Policy Advisor- Māori

10 May 2019 10:59 AM | Anonymous

Public Health Association of New Zealand is looking for a Policy Advisor- Māori

Summary of your role

As the Policy Advisor - Māori, you will be responsible for leading all aspects of PHA policy development, submission development and policy communications with our members. You will be a strong leader with influential communication skills, providing then helping others understand and apply a Treaty “lens” to all PHA’s policy development and analysis. Your primary working relationships will be with national office staff, the Policy Working Group, policy stakeholders, and PHA members. As part of a policy and communications team, you will manage PHA’s policy statement development process and coordinate the Policy Working Group.

As a vital part of our team, you’ll work with us to develop collaborative efforts toward evidence-informed submissions that will support our members and stakeholders in advocating for better health outcomes and health equity in Aotearoa New Zealand.

At PHA we are well on our way in ngā rerenga Tiriti o Waitangi. We have a Kaumātua, a high number of Māori on our Council and a Māori Caucus of members. You will work with all our staff and members to up the game on Treaty advocacy and learning. You will be encouraged to support the office with reo skills and knowledge of tikanga in our work and in our office culture. You will bring with you strong networks that span Māori health professionals, promoters and Māori community leaders.

You will be accountable for the work you do and contribute positively to future outcomes for the association and public health in New Zealand.

We are looking for someone who

  • Has a passion for policy analysis and development, ideally in public health
  • Shows respect for, and has an interest in, Māori history and traditions, including use and pronunciation of Te Reo Māori
  • Is comfortable in situations where tikanga is observed and shows leadership in asserting its importance
  • Understands the importance of the Treaty of Waitangi for policy analysis and development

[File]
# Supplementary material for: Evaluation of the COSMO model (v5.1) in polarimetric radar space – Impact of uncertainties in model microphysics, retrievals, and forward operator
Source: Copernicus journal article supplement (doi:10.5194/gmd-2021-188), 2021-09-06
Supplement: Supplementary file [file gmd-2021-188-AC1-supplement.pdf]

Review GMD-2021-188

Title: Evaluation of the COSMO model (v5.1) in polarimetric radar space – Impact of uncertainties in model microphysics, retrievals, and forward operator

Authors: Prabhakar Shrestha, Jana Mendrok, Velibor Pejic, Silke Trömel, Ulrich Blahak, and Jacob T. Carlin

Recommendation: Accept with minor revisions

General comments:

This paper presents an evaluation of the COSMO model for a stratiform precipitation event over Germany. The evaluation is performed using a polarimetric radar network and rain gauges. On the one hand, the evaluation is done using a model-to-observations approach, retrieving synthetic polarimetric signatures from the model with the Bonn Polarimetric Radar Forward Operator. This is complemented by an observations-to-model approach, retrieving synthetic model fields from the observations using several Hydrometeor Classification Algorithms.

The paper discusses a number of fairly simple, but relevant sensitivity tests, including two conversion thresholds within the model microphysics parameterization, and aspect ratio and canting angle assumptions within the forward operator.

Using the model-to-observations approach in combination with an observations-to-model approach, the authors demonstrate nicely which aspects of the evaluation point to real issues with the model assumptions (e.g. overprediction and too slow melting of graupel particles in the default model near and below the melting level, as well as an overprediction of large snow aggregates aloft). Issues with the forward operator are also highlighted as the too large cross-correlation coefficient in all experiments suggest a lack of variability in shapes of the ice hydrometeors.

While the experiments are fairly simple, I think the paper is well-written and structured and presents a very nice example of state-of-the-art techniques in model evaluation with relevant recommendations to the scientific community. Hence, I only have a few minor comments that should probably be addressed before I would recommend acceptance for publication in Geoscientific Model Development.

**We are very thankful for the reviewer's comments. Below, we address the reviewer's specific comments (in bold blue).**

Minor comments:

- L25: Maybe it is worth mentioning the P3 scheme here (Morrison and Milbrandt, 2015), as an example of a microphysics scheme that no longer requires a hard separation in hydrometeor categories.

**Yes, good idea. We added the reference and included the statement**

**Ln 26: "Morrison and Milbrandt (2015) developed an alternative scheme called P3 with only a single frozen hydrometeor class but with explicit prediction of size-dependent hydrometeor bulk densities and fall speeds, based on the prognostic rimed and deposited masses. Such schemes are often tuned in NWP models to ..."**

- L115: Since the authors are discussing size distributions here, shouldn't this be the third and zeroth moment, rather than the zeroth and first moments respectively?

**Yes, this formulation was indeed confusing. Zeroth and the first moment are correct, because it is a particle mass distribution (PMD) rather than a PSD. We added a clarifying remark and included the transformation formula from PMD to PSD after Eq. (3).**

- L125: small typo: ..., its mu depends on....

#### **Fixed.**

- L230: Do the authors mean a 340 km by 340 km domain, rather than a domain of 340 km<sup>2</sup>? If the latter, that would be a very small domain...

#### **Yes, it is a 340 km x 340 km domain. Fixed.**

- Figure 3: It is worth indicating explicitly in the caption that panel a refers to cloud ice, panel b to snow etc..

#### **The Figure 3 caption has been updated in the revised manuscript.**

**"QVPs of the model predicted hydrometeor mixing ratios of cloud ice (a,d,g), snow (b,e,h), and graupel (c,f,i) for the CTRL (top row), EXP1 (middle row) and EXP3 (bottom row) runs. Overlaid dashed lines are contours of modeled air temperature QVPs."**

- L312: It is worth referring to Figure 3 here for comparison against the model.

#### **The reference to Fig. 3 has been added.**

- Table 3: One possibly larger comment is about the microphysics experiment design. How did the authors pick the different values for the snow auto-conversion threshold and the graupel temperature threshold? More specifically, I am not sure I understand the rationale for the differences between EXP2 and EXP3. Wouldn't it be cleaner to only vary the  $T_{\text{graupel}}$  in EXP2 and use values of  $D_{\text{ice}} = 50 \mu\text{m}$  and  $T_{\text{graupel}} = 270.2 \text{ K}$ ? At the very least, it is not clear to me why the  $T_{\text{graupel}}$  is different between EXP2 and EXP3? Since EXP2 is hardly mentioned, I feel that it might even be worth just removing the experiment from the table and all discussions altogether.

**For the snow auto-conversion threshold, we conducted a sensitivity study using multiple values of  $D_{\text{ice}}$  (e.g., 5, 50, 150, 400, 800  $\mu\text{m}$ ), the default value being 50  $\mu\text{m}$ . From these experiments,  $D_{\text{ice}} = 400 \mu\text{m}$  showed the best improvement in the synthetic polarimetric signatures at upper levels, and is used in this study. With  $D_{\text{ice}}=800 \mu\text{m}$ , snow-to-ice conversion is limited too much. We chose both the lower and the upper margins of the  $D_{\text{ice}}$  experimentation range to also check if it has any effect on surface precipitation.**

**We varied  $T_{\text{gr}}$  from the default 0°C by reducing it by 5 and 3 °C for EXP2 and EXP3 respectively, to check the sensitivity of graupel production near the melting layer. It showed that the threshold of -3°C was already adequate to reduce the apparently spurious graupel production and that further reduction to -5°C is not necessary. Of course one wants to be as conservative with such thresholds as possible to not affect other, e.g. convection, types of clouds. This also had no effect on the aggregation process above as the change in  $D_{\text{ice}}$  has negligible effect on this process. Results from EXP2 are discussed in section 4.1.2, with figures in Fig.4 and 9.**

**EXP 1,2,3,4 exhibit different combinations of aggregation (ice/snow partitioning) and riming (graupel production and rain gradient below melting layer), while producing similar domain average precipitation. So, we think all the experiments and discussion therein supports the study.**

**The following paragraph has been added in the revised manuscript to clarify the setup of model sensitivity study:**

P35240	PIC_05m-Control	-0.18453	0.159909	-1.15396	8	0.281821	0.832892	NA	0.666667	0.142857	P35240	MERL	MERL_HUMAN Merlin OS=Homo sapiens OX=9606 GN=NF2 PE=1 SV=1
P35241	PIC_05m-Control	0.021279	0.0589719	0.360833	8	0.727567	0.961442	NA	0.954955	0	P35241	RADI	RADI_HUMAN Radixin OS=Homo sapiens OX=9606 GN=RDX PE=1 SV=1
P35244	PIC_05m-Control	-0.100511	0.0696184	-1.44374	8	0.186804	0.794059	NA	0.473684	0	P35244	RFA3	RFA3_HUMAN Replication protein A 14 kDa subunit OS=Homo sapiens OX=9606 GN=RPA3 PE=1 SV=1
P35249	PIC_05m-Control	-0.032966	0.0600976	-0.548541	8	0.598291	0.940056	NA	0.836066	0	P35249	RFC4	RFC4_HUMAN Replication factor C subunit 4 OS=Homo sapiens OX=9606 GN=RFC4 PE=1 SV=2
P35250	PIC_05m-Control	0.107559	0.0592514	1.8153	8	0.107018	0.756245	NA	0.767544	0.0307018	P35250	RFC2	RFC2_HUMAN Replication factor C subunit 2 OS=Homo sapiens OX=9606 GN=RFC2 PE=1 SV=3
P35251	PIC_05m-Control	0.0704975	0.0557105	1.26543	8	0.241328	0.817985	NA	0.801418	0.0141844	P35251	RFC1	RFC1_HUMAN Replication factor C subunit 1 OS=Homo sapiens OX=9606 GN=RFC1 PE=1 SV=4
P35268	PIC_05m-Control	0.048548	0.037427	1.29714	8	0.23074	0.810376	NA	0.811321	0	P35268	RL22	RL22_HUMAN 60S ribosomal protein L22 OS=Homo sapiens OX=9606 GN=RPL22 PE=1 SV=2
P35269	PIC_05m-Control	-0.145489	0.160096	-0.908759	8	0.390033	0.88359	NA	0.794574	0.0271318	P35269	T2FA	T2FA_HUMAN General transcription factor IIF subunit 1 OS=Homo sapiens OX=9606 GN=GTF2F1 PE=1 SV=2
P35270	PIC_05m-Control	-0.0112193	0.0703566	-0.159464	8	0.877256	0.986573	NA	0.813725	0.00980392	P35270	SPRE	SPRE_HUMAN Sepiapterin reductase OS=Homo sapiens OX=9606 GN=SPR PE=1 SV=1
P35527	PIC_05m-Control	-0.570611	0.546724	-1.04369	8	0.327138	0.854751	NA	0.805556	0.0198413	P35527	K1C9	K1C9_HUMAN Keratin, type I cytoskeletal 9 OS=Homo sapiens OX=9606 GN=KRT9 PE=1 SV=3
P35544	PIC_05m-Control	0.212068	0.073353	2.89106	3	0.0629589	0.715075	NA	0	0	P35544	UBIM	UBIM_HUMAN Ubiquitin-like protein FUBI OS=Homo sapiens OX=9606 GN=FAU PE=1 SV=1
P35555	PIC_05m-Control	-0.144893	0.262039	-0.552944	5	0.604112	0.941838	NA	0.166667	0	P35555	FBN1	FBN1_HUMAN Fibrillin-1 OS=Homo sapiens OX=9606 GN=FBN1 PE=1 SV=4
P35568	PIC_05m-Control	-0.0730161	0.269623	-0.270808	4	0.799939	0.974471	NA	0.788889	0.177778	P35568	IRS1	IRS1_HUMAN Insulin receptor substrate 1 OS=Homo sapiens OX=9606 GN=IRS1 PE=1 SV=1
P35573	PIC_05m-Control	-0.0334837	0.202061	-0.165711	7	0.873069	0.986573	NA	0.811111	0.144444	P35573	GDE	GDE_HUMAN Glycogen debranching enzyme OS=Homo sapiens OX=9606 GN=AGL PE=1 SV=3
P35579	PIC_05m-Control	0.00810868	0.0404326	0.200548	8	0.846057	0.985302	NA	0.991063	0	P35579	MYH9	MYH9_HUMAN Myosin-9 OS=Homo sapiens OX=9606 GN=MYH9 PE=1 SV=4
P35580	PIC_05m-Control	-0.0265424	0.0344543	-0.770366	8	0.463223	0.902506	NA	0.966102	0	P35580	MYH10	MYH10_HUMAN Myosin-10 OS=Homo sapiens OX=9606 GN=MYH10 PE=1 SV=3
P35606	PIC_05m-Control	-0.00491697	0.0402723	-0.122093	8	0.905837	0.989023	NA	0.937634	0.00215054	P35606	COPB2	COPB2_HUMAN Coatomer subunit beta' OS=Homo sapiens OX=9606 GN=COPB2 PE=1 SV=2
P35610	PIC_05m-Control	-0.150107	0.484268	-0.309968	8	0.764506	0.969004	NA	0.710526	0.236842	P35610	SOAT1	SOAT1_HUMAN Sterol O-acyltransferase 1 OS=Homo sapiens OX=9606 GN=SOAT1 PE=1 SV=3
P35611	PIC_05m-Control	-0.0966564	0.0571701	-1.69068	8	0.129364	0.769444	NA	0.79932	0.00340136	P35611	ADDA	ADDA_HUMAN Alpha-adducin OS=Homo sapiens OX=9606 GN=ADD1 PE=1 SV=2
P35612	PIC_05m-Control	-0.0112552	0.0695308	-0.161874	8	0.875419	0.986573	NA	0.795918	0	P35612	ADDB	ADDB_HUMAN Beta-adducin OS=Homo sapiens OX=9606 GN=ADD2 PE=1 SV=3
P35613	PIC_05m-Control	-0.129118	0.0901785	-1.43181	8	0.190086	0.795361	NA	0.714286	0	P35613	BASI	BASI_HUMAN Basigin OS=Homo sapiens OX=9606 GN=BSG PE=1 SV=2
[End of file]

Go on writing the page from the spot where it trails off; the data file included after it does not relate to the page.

• Can work in a small team to be responsive to policy initiatives and democratic processes in often very short time frames
  • Has experience with content development, design, editing and publishing effective information resources, ideally for advocacy and health promotion campaigns

Terms and conditions

This is a part- time (45 hours per fortnight) fixed term position.

Salary will be commensurate with qualifications and experience

Position description available here 

Further information and applications: Dr Prudence Stone prudence@pha.org.nz

Closing date: Please send your application, including a full CV, no later than May 31, 5pm.

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Letter to the Listener 28 July 2017 in response to Fever Pitch (Listener 21 July 2017)

Catherine Woulfe’s thorough investigation of rheumatic fever brings to the surface a range of important questions not only about this cruel disease, but also wider issues about health policy. The Government’s bold initiative to reduce the incidence of rheumatic fever as one of its 'Better Public Service' targets in 2012 certainly raised awareness of rheumatic fever for the general public as well as communities and families directly affected. But even when medical science and the public have a clearer understanding of the immediate causes of rheumatic fever, interventions like the $65m ‘sore throats matter’ still won’t stop the epidemic. 

Ramona Tiatia’s blunt description of the experience of affected families not only painted a picture of the impact on affected families and communities, it also highlighted the invidious choices our health funders face.  How much should we prioritise health spending between response to the urgent need of young people whose lives and potential can be devastated by the disease versus the expense of addressing the economic and social factors that underlie the reasons we have this epidemic at all?   

As several of the clinicians interviewed pointed out, it’s only when the poverty and over-crowded housing issues are addressed that we will make a real difference.

Rheumatic fever illustrates the contradictions in our health system identified in the recent American Commonwealth Fund report. Of the 11 countries the Fund monitors, the work our health professionals do is ranked among the highest. But our overall performance as a health system falls to the middle ranking because of our poor performance on access and equity. The Fund also notes that our per capita expenditure is among the cheapest. 

Failure to invest in real prevention - that is, poverty, housing, good nutrition etc. - will continue to drive conditions like rheumatic fever, whether the immediate cause is strep throat or skin sores, until we invest upstream.

Why not spend more on these conditions - the economic and social determinants of health? 

We all pay in the long run - the young people whose misery we tolerate and whose potential remains unfulfilled, the families whose sacrifices are unrewarded, and the taxpayer who picks up the tab.

Ngā mihi,
Warren Lindberg

CE Public Health Association of New Zealand


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